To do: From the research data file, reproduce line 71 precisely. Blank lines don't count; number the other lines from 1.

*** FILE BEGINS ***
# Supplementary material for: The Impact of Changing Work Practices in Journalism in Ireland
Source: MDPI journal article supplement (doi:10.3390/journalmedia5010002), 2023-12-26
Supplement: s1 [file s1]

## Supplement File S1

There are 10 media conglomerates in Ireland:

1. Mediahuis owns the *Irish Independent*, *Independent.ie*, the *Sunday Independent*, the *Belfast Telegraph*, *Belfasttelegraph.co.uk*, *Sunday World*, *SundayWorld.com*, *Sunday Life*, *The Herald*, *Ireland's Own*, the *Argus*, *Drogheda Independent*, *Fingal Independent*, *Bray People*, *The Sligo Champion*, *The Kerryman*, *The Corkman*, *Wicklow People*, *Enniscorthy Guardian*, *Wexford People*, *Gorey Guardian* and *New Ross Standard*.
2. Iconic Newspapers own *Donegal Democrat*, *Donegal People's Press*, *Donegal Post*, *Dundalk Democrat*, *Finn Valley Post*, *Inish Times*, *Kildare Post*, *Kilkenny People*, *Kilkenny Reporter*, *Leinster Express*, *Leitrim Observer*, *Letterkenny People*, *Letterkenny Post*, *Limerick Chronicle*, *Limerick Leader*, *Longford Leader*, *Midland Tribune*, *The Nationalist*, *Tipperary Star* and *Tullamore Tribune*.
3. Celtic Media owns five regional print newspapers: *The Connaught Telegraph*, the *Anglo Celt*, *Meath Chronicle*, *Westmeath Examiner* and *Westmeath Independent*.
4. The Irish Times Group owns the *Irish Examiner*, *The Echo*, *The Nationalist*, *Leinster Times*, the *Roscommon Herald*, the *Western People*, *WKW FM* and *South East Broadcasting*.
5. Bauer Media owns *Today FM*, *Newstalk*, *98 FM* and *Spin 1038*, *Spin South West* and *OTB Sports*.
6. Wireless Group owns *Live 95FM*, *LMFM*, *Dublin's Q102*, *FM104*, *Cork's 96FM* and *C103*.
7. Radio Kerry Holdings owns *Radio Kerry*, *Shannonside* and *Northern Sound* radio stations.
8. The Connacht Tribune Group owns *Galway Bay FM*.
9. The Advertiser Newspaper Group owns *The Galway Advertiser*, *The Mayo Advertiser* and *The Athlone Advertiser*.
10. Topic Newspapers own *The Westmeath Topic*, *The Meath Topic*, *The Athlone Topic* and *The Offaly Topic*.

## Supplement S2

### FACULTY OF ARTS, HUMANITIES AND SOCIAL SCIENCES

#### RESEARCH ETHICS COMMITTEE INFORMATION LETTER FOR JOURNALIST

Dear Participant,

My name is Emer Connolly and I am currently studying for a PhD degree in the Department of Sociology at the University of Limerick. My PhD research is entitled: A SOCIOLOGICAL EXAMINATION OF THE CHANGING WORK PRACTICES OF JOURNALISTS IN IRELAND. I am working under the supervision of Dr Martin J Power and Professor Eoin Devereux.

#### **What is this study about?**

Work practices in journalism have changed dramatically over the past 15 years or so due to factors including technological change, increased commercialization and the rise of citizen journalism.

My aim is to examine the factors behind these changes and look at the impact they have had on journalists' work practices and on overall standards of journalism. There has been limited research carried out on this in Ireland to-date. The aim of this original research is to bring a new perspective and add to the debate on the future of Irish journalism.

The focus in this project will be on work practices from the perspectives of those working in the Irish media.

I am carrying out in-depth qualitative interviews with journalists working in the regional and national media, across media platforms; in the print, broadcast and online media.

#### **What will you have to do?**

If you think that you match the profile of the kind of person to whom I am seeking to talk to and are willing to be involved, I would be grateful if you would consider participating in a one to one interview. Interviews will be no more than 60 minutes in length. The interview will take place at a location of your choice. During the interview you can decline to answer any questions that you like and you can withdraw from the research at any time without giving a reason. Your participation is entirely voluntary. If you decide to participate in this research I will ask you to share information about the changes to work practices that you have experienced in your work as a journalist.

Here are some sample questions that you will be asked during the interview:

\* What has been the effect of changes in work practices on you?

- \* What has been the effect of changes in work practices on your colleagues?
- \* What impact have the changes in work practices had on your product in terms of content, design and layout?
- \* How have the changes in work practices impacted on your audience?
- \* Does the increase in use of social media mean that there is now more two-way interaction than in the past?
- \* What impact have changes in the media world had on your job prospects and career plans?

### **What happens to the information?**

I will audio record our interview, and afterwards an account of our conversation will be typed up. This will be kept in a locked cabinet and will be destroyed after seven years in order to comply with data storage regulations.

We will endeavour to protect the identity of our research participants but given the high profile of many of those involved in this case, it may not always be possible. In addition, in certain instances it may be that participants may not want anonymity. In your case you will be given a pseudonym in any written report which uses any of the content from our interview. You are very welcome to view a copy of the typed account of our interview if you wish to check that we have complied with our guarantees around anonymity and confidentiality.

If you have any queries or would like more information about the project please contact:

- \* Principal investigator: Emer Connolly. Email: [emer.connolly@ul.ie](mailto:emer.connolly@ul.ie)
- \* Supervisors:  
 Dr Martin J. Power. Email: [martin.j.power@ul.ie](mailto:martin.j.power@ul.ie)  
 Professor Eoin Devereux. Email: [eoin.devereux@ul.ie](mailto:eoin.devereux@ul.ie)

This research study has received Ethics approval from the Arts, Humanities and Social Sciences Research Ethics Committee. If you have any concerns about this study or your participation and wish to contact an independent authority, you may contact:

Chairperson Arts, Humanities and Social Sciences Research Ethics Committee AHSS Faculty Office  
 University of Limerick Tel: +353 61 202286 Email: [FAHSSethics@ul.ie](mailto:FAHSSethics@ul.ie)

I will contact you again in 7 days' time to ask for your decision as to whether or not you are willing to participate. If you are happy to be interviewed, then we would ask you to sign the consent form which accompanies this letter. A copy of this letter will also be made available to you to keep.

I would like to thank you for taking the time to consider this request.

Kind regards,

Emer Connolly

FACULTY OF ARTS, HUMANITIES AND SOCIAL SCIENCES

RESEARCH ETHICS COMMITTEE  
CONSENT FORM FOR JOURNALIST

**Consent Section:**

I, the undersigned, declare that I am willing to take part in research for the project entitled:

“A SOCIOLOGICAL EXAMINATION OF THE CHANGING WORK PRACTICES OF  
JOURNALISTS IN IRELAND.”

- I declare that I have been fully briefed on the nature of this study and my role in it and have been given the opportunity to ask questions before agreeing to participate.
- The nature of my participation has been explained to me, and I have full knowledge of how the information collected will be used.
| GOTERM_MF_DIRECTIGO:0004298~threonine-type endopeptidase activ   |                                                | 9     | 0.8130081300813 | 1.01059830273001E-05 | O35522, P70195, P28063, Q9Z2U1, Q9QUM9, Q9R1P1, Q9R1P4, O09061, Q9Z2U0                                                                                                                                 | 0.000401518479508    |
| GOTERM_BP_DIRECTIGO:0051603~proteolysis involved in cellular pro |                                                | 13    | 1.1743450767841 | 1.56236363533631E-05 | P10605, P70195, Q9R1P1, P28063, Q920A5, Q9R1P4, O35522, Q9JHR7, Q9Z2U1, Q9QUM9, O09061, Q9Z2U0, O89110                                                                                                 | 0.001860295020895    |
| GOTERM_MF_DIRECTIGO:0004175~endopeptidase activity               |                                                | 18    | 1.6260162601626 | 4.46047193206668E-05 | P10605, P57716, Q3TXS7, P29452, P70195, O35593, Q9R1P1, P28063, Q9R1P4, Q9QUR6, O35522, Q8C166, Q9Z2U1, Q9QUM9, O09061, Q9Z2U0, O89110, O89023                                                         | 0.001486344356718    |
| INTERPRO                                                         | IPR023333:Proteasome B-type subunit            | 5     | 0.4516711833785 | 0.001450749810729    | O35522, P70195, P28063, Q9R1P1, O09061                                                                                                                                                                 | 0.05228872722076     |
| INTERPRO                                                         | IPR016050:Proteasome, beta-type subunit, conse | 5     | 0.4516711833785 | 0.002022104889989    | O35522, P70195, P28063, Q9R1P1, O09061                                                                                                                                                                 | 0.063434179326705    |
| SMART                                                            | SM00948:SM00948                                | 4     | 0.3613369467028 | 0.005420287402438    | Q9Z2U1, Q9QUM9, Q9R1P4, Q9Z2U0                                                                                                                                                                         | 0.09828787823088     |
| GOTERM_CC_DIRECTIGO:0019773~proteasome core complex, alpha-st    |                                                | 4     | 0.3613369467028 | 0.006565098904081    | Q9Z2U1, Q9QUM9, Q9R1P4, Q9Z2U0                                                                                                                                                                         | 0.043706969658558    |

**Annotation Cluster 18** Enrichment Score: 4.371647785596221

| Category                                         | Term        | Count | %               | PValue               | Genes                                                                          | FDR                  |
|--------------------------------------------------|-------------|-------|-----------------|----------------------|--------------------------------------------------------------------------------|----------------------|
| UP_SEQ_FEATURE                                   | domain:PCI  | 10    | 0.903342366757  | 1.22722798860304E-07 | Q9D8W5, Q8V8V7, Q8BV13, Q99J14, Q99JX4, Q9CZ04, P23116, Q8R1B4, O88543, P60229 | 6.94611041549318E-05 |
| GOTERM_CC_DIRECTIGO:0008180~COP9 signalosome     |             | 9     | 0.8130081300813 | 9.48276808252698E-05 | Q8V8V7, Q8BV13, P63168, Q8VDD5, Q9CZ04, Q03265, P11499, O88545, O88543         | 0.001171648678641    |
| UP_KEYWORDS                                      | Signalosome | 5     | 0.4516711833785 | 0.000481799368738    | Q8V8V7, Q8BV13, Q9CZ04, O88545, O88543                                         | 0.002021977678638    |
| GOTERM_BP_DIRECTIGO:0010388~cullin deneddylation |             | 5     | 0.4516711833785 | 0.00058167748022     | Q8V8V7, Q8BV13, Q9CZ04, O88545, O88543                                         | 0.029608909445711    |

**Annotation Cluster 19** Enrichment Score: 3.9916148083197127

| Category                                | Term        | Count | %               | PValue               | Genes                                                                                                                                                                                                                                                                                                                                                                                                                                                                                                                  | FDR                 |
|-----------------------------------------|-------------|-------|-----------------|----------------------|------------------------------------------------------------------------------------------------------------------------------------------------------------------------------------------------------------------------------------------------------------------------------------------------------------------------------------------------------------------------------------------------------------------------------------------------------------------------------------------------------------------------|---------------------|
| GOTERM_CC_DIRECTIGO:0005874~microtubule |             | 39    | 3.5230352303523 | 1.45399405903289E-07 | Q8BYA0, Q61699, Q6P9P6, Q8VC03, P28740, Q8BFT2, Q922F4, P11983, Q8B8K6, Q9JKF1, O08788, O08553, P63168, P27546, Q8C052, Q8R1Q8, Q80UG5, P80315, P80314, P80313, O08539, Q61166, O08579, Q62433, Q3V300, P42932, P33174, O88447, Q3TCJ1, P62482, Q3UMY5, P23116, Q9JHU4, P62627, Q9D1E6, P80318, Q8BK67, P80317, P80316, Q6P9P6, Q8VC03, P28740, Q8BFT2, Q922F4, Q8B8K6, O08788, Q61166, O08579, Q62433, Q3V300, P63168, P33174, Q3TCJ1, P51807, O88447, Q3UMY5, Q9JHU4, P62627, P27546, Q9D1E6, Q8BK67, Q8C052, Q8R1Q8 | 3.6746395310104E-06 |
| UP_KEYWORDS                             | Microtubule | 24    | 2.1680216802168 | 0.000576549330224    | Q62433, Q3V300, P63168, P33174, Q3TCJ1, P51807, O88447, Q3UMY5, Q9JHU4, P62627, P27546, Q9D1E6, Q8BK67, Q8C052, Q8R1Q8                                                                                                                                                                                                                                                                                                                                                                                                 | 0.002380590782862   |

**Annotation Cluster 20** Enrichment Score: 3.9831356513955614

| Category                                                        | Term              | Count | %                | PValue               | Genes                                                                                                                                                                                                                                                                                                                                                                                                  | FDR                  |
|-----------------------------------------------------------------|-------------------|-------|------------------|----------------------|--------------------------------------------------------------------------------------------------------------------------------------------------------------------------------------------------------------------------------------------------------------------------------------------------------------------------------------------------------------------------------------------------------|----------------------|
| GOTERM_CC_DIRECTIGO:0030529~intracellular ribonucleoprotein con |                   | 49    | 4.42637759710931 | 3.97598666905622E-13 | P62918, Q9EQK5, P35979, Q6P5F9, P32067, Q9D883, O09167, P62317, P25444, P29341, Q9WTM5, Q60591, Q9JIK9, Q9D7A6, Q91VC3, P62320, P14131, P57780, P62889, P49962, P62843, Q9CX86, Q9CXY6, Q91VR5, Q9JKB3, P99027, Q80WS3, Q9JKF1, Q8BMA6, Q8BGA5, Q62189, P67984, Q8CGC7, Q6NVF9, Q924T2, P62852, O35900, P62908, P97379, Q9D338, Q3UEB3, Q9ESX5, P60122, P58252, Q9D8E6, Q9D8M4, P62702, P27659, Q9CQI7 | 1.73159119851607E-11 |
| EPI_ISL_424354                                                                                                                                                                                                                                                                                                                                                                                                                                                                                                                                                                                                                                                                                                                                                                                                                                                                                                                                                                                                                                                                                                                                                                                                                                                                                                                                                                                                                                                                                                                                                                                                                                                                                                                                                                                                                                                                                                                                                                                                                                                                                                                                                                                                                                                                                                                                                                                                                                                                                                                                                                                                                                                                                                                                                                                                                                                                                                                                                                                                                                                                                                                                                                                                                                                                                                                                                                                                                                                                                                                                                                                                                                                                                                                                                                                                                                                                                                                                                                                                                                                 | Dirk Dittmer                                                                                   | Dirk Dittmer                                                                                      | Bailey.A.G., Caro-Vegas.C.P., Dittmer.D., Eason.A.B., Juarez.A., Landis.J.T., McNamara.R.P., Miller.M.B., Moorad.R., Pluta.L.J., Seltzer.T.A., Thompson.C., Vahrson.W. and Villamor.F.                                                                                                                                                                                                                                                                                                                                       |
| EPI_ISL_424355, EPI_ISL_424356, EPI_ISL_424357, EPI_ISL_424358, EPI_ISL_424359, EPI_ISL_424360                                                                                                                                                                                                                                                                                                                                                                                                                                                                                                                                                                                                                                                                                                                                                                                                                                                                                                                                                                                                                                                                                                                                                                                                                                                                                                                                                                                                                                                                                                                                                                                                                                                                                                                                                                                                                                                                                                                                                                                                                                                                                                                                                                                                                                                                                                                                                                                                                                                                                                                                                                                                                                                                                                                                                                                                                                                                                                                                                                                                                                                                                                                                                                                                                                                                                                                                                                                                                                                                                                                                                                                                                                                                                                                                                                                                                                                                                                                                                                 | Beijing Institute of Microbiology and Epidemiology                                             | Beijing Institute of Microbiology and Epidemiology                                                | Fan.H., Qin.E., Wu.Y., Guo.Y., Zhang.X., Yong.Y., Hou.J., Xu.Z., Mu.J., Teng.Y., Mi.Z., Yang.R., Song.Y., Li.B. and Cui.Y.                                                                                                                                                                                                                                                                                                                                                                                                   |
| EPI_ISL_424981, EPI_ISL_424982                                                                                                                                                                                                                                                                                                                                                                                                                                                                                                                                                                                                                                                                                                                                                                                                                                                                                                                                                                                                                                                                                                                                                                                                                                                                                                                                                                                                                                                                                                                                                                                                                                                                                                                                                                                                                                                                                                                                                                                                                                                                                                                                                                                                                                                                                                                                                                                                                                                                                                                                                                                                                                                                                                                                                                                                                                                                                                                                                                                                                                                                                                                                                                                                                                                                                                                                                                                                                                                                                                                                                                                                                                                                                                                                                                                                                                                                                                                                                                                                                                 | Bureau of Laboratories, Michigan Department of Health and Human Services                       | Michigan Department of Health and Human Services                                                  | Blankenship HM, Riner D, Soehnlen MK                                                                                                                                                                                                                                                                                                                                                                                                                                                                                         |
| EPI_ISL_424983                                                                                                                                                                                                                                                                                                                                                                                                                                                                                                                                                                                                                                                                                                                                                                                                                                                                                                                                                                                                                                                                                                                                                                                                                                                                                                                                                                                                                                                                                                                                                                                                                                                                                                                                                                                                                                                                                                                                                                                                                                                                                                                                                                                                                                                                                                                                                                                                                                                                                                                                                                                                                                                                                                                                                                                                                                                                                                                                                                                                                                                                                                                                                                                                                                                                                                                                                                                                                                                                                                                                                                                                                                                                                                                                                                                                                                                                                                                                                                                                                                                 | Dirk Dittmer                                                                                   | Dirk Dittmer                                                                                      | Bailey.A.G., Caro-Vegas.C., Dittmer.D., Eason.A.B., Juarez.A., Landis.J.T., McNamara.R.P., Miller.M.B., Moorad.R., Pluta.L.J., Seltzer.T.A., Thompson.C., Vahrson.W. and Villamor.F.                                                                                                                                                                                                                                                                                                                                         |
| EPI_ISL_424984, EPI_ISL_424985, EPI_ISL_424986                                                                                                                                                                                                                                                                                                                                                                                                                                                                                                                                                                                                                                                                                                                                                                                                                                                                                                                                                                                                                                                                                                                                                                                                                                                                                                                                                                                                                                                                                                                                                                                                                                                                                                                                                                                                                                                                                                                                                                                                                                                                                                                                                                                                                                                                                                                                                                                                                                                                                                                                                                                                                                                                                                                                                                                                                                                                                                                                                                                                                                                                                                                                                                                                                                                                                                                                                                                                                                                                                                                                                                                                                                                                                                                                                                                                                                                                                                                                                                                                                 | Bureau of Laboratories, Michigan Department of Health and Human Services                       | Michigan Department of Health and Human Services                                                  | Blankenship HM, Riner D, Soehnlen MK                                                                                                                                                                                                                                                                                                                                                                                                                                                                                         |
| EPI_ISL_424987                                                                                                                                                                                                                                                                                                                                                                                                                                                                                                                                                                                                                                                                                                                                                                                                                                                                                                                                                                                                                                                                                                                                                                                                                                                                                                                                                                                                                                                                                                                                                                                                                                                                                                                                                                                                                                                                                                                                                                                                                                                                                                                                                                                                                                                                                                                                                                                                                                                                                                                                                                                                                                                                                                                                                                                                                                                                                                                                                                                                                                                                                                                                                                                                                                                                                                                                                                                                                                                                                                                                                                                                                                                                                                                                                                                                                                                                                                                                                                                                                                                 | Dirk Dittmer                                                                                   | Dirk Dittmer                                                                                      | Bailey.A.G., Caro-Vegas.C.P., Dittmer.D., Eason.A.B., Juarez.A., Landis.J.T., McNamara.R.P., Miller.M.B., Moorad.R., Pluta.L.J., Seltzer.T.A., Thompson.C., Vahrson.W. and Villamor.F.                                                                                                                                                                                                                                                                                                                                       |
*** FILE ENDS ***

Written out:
| UP_KEYWORDS                                      | Signalosome | 5     | 0.4516711833785 | 0.000481799368738    | Q8V8V7, Q8BV13, Q9CZ04, O88545, O88543                                         | 0.002021977678638    |